From an article on Biological.ws..... "The data seems to contradict the claims of companies that sell biometric authentication systems. They have said biometrics are among the hardest-to-crack security methods since they rely on the unique physical characteristics of their users. Matsumoto, however, was able to gain
unauthorized access with two relatively simple techniques, according to Schneier's report on the tests. Matsumoto performed his experiments on 11 different biometric
fingerprint scanners using a fake finger molded out of gelatin. Matsumoto made a plastic mold of a real finger, and then created the false finger by injecting gelatin into the mold. The gelatin finger was able to gain unauthorized access through the 11 fingerprint scanners about 80 percent of the time, according to Schneier. Matsumoto then attempted a more complicated experiment in which he drew
latent fingerprints from a piece of glass and attempted to add those prints to the gelatin finger, Schneier wrote. After lifting the fingerprint from the glass, he enhanced it, photographed it and tweaked it in Adobe Systems' Photoshop, he said. Matsumoto then printed the fingerprint onto a transparency sheet and had it etched into a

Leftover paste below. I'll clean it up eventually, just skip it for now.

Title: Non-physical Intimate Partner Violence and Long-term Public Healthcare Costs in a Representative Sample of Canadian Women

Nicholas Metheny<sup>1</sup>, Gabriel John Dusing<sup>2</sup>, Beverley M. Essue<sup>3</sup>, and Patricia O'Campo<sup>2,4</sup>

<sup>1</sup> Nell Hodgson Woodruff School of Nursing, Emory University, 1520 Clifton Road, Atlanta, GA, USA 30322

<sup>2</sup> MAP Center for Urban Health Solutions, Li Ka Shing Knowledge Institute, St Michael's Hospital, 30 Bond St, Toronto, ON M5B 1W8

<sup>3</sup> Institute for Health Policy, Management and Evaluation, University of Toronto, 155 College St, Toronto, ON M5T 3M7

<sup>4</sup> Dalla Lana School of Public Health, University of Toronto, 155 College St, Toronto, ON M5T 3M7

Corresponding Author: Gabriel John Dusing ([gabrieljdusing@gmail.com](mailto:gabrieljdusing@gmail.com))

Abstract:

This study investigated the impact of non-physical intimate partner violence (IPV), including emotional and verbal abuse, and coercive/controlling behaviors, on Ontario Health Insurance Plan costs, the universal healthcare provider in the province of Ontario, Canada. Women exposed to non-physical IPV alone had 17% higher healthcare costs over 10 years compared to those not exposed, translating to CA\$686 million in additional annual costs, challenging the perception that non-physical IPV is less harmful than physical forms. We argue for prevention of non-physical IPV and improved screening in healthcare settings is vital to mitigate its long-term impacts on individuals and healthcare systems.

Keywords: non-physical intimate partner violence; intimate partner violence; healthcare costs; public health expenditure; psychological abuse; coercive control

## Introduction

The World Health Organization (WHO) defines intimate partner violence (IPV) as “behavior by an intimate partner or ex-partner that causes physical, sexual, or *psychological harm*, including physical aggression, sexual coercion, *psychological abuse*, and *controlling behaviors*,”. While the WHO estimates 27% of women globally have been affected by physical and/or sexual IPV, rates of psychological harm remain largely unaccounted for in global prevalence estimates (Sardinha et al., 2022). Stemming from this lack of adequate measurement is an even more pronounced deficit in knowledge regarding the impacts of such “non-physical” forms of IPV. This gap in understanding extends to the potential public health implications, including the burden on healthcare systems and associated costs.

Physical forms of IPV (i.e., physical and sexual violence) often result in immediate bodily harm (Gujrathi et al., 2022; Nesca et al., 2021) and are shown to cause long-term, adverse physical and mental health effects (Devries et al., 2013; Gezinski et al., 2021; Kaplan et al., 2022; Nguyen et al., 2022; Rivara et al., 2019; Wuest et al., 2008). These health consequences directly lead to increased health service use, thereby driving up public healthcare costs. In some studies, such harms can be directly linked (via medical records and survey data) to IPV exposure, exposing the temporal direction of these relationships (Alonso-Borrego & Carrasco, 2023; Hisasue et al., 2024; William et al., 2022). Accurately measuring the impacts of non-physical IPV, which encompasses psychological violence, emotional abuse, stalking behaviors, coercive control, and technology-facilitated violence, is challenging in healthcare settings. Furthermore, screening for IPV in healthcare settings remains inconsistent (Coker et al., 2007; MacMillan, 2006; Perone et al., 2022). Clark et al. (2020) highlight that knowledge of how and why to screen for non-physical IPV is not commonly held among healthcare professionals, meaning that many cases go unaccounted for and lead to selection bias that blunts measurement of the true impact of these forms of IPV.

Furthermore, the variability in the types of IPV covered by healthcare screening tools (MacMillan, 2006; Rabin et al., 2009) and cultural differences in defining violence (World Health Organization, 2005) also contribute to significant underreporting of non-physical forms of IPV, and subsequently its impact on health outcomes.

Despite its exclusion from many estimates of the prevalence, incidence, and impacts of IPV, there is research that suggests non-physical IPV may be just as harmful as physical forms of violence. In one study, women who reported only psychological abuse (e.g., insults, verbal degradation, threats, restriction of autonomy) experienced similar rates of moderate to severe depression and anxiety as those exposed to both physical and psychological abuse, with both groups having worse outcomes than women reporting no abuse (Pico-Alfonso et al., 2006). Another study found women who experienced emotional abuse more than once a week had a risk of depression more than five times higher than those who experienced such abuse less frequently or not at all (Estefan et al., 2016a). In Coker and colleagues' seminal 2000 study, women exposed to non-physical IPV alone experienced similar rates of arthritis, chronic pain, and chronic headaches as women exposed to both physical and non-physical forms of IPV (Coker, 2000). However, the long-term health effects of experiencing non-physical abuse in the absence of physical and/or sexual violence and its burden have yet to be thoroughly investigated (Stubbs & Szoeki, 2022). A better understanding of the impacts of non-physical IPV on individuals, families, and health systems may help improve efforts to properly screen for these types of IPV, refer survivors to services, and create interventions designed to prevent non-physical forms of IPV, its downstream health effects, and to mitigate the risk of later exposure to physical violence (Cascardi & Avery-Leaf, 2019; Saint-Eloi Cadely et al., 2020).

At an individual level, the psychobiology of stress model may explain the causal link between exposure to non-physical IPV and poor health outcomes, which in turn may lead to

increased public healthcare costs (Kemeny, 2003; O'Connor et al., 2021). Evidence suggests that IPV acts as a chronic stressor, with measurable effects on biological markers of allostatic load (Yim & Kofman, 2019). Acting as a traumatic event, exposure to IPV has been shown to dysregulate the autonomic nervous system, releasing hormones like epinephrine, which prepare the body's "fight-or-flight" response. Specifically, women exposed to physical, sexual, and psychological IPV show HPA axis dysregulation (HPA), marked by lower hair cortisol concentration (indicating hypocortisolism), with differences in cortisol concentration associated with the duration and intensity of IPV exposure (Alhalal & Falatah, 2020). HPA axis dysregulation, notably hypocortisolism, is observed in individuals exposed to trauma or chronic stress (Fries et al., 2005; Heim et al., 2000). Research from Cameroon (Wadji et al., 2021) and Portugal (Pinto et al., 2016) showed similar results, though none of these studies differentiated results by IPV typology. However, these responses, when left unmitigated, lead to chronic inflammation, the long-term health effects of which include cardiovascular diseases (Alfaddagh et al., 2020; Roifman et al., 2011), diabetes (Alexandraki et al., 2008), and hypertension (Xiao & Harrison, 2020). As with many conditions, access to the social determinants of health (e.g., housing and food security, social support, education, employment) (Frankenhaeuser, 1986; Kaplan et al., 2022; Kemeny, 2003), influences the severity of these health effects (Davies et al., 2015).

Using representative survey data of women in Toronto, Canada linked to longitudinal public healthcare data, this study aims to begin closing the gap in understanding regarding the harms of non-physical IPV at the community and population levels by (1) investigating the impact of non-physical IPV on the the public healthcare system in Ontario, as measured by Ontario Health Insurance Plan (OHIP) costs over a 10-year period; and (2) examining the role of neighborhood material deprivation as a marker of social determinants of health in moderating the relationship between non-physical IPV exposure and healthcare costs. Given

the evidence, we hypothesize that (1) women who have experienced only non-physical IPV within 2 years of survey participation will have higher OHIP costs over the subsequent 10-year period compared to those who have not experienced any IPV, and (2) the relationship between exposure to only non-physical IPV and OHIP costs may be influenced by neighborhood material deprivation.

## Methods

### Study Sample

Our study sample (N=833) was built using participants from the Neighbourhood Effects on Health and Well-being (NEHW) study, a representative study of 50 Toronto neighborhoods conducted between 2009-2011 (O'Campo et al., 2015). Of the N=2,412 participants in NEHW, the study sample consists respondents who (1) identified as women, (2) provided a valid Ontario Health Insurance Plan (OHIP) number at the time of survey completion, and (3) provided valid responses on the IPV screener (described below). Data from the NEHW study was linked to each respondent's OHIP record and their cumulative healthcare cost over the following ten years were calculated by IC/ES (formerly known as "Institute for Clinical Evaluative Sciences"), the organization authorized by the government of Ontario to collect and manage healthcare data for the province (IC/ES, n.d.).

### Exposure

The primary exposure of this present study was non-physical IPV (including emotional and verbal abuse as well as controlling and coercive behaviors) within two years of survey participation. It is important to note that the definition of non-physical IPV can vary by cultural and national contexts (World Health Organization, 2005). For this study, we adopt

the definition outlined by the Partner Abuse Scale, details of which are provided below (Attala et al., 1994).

photosensitive circuit board. The print on the circuit board was then applied to the gelatin finger. This technique also allowed access about 80 percent of the time, Schneier wrote. "If he could do this, then any semi-professional can almost certainly do much, much more," Schneier wrote. "All the fingerprint companies have claimed for years that this kind of thing is impossible. When they read Matsumoto's results, they're going to claim that they don't really work, or that they don't apply to them,
or that they've fixed the problem," Schneier wrote. "Think twice before believing them."
Full Report is right here: http://www.itu.int/itudoc/itu-t/workshop/security/present/s5p4.pdf